Wall Street Sales Tax
A Wall Street Sales Tax is a step toward a fairer tax code. Ordinary people pay sales taxes on all manner of goods and services, yet no such taxes apply to Wall Street actors when they buy and sell financial securities. A Wall Street Sales Tax — also known as a financial transaction tax, speculation tax, or Robin Hood tax — is a small fee of a few cents per $100 that would be imposed on transactions in stocks, bonds, or derivatives. If legislation establishing such a tax were passed, the cost would fall overwhelmingly on Wall Street firms and high-frequency traders who hold financial instruments for mere minutes, seconds or even milliseconds, as opposed to long-term investors.
Such a tax would help reorient Wall Street’s focus toward long-term investments that support Main Street businesses, make Wall Street pay more of its fair share of taxes, and raise hundreds of billions of dollars in revenue over the next decade that could be used to protect and enhance retirement programs and invest in working family priorities like education, health care, child care, housing, environmental protection and rebuilding infrastructure. Taxing Wall Street trades would help address rising economic inequality and reduce financial sector risk and volatility, while raising revenue that could be used for critical public services and investments.
The bill taxes Wall Street trades to discourage short-term bets that destabilize markets and generate billions in new revenue for services our communities need.
A fair tax code will only happen via an open process with lots of debate where Congress is listening to the voices of the public. And it’s critical that we start talking about bold, visionary ideas like taxing Wall Street trades. #TaxScamTurns1 pic.twitter.com/3H3Lo9MU4i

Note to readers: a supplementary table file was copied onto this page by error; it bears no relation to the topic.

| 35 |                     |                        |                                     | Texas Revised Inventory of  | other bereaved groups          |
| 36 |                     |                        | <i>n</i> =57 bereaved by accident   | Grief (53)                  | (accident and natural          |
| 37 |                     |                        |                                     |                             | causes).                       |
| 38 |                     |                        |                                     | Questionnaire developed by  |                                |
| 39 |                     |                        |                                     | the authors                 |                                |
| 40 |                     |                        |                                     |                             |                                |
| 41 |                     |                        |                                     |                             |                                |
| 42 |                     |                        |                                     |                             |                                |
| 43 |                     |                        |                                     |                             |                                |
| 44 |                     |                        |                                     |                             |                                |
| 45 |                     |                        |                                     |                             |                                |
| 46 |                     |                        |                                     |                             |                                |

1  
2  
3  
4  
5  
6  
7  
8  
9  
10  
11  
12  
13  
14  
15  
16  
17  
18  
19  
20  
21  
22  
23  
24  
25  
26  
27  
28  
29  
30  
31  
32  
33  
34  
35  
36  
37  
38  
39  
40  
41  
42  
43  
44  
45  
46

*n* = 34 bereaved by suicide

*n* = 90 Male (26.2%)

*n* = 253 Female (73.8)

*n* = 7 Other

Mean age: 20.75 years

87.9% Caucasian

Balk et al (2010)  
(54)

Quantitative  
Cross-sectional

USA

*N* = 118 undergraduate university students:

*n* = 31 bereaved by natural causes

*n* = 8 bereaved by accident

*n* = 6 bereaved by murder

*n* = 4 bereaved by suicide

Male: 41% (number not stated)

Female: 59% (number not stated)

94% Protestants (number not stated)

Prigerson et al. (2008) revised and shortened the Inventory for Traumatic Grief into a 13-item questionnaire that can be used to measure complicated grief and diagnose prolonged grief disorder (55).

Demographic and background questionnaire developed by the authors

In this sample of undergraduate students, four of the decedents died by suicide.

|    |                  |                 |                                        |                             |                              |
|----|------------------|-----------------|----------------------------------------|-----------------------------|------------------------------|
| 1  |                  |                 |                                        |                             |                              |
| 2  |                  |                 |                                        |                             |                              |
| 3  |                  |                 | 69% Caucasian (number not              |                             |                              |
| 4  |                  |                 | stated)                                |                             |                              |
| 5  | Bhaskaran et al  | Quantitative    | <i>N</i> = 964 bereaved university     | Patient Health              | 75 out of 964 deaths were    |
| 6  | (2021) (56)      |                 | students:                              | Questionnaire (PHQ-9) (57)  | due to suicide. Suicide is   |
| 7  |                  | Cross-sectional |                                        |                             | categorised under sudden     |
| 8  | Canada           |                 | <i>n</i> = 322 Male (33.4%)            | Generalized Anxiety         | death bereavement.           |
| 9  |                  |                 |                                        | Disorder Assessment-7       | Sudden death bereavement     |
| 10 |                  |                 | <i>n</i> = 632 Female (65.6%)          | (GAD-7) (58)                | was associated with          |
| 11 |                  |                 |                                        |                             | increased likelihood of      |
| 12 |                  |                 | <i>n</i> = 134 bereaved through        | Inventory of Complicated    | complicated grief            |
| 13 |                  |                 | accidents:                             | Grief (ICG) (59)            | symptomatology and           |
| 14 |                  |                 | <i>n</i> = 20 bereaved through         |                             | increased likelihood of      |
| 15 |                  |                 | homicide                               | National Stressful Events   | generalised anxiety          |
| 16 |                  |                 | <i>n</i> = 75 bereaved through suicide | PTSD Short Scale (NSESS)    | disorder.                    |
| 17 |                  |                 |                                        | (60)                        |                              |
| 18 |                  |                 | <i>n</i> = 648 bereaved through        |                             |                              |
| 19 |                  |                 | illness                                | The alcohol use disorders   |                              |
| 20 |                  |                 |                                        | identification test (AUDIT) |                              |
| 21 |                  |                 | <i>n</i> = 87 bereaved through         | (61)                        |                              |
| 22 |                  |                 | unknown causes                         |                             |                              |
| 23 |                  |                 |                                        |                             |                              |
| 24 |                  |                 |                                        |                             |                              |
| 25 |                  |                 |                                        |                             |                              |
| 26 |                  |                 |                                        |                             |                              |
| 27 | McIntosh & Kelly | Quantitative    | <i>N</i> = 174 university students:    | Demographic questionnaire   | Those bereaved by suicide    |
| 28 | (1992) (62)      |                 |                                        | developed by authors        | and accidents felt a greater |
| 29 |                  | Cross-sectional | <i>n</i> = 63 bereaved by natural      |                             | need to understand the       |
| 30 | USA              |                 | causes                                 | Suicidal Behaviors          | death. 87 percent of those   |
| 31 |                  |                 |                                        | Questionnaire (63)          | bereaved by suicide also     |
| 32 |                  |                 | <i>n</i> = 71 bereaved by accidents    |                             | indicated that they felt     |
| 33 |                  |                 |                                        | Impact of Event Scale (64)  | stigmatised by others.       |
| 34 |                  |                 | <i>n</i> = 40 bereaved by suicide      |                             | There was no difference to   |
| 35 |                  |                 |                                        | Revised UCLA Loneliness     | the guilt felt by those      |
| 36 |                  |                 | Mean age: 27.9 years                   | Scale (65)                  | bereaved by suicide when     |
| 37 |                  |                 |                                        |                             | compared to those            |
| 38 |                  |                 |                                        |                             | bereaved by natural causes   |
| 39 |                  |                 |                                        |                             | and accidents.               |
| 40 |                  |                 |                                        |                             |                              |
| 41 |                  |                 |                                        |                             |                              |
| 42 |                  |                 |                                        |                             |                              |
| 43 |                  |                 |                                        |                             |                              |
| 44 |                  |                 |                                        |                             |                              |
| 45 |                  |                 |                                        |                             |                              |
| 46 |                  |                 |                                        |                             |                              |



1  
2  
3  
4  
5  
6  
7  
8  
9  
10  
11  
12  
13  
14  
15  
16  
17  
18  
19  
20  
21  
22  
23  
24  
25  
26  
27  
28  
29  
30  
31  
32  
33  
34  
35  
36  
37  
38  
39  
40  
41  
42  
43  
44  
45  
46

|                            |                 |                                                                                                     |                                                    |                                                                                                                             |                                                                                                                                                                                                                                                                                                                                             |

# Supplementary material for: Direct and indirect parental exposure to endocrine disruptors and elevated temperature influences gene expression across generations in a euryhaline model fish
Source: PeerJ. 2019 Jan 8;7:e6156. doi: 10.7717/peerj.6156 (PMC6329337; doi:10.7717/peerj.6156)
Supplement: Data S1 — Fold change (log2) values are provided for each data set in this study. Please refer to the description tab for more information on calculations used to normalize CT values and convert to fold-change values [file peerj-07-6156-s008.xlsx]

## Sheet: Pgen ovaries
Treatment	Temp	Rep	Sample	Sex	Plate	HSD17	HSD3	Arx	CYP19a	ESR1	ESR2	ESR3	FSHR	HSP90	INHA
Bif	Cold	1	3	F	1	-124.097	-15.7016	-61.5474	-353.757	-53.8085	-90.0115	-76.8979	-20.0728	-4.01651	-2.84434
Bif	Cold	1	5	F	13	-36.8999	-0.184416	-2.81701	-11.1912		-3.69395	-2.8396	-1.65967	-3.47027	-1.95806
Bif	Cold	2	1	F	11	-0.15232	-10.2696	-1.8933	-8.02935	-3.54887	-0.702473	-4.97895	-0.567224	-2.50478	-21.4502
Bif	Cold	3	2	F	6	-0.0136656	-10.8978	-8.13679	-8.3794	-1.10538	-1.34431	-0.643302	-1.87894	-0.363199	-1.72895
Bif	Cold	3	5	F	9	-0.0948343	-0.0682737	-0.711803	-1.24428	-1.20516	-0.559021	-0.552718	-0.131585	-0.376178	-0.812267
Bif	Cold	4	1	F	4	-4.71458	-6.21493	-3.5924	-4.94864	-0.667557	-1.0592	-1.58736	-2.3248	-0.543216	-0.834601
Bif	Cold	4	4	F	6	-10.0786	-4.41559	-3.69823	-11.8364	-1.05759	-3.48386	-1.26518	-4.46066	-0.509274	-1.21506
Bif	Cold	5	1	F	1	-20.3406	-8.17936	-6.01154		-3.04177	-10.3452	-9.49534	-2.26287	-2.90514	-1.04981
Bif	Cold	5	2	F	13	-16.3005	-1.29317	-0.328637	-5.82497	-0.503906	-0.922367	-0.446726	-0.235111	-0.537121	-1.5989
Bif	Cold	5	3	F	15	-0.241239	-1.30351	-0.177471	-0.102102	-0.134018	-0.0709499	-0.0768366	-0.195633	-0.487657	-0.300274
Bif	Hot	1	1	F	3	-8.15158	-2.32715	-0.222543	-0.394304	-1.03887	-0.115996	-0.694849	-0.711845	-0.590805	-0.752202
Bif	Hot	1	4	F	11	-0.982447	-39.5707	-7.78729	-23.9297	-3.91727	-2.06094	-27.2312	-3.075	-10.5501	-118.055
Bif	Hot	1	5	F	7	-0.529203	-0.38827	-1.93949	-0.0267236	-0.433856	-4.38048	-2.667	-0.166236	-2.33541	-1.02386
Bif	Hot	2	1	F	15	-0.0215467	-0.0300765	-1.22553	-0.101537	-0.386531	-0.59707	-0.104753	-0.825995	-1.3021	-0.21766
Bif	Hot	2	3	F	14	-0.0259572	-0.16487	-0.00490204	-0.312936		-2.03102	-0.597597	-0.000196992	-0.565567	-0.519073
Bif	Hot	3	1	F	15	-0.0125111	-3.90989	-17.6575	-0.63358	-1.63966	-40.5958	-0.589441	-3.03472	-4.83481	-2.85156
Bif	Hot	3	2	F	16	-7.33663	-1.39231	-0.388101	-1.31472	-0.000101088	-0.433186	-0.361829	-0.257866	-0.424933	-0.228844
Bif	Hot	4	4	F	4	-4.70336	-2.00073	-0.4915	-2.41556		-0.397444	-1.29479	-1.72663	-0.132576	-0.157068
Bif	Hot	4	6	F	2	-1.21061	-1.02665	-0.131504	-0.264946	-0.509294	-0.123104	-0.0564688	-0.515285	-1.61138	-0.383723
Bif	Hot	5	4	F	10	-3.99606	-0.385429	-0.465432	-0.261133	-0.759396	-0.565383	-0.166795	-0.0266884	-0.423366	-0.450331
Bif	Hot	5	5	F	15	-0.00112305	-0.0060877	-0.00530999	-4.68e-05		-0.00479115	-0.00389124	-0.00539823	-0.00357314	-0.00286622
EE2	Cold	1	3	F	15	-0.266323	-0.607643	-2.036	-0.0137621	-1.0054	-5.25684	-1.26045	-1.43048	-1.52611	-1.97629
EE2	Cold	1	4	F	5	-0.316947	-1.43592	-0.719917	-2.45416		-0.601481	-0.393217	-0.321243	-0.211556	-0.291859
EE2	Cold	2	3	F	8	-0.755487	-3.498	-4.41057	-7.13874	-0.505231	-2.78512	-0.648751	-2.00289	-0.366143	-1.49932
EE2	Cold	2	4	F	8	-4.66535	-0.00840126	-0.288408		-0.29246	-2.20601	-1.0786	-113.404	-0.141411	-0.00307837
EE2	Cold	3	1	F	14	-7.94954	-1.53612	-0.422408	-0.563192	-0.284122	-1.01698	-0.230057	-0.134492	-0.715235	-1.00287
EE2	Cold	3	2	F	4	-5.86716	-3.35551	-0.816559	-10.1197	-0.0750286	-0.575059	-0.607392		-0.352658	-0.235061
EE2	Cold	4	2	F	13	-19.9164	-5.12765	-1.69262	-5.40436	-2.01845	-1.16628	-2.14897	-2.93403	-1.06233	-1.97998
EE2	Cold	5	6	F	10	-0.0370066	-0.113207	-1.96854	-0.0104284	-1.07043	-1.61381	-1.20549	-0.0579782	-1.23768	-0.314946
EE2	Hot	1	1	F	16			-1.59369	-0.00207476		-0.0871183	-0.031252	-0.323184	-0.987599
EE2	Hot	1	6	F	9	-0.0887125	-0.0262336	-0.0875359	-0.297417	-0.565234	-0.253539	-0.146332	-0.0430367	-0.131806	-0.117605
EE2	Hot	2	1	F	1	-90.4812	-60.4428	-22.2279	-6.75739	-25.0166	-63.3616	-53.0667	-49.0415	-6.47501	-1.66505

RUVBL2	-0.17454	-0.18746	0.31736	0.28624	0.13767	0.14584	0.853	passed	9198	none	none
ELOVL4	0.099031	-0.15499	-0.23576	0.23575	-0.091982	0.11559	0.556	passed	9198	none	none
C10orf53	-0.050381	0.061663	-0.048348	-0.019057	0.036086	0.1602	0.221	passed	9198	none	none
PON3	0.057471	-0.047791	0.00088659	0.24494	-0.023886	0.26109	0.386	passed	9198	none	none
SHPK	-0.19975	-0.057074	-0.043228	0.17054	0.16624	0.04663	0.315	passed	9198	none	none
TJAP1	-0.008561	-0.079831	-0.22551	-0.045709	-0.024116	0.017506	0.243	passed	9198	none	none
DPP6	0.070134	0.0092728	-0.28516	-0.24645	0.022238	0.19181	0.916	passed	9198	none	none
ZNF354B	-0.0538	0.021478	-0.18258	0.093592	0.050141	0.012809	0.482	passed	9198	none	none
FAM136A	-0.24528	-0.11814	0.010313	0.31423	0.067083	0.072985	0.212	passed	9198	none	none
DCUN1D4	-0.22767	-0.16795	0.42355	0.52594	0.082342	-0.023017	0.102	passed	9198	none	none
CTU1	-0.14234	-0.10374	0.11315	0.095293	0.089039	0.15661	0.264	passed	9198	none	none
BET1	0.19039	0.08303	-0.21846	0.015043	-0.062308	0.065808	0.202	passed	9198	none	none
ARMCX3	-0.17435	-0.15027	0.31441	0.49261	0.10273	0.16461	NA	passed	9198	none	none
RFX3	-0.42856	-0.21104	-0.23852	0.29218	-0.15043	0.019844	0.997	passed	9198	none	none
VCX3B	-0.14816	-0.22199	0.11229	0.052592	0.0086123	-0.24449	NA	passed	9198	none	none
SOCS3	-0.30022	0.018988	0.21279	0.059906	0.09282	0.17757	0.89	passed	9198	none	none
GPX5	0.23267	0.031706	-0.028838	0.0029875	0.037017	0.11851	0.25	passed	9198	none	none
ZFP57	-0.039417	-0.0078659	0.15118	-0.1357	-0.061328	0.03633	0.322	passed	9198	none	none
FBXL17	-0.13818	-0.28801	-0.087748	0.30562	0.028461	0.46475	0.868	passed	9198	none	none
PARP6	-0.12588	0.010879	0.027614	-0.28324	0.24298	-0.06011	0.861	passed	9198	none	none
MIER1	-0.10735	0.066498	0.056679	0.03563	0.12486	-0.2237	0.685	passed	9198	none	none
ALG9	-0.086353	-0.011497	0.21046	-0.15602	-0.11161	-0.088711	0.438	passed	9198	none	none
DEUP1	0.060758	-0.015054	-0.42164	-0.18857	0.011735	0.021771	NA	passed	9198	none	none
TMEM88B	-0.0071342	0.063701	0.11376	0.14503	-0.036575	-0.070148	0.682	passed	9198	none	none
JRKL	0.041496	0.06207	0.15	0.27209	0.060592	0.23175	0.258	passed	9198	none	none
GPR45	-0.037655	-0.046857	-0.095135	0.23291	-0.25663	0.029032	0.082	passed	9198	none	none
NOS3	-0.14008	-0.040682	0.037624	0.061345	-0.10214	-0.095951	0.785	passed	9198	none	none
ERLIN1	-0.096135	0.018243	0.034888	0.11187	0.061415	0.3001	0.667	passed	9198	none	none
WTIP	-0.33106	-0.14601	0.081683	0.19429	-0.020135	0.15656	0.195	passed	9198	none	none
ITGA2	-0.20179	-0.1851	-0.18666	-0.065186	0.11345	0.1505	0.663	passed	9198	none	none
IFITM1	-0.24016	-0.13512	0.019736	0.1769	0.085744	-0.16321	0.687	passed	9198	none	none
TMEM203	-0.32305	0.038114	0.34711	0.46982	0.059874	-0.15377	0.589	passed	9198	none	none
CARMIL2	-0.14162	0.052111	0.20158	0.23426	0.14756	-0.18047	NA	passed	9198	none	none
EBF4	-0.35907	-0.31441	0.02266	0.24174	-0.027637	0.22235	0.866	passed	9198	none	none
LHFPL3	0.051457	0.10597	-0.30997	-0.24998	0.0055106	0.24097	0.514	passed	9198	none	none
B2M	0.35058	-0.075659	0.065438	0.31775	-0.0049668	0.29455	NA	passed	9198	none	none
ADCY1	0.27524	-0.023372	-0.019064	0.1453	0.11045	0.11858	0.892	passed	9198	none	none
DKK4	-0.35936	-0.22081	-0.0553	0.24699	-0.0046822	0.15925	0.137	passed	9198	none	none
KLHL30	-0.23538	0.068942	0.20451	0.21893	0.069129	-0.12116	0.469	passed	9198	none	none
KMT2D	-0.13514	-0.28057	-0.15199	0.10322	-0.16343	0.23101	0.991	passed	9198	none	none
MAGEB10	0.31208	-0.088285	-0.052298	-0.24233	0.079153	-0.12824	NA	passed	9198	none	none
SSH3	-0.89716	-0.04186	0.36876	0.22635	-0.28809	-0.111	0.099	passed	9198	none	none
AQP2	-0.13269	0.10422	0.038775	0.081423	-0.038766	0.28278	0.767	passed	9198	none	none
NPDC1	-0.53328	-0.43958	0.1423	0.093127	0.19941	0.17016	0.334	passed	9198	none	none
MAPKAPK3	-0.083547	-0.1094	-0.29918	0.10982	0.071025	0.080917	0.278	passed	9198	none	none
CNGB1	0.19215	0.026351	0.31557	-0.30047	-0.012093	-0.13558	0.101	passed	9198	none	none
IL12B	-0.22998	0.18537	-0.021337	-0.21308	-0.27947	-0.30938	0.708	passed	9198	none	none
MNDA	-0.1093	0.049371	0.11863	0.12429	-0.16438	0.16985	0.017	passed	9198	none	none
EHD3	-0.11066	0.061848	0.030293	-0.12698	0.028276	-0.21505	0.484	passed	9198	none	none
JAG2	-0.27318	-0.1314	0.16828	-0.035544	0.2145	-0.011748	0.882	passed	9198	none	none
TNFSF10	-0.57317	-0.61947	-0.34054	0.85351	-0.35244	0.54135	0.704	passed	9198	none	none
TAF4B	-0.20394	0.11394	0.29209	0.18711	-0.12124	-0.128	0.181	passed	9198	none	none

— Public Citizen (@Public_Citizen) December 17, 2018
“Here’s One Tax Every Candidate Ought to Back: A tiny tax on financial transactions could raise big money for health care, education and infrastructure without impeding the efficient allocation of capital.” by Antonio Weiss, Bloomberg, February 14, 2020.
“The Case for a Financial Transaction Tax: Governments charge user fees for parks, roads and other infrastructure. Why not do the same for the financial system?” by Michael Edesess, Bloomberg, June 20, 2019.
“Wow, a financial transaction tax is an amazingly good idea,” by Hamilton Nolan, Splinter, December 14, 2018.
“CBO’s big ideas for shrinking the deficit,” by Caitlin Emma, Politico, December 13, 2018.
“A Financial Transaction Tax Would Help Ensure Wall Street Works for Main Street”, by Josh Bivens and Hunter Blair, Economic Policy Institute, July 28, 2016.
“Don’t Believe Wall Street’s Scare Stories about a Financial Transactions Tax”, by
Dean Baker, The Los Angeles Times, July 25, 2016.
“How Wall Street Reform Could Give Low-Income Families a Big Boost”, By Sarah Anderson, Marc Bayard, John Cavanagh, Chuck Collins, Josh Hoxie and Sam Pizzigati, The Nation, February 18, 2016.
“Facts and Myths About the Financial Transaction Tax”, by Center for Economic and Policy Research, February, 2016.
“Why Critics Are Wrong about a Financial-Transaction Tax,” by Stephany Griffith-Jones and Avinash Persaud, Politico, May 19, 2014.
“Raising Revenue: A Review of Financial Transaction Taxes throughout the World”, by Daiana Beitler, Health Poverty Action and Stamp Out Poverty, September 2010.
“Everything You Need to Know About High-Frequency Trading”, by Matthew O’Brien, The Atlantic, April 11, 2014.
“High-frequency trading is a blight on markets that the Tobin tax can cure”, by John Fullerton, The Guardian, April 4, 2014.
“The Relationship Between Financial Transaction Taxes and Economic Growth”, by Center for Economic and Policy Research, 2012.
“Tax Wall St. to create jobs on Main St.”, by Leo Hindery, CNN, January 27, 2010.
“Financial transaction taxes offer stability to the market”, by Avinash Persaud, Financial Times, May 17, 2017.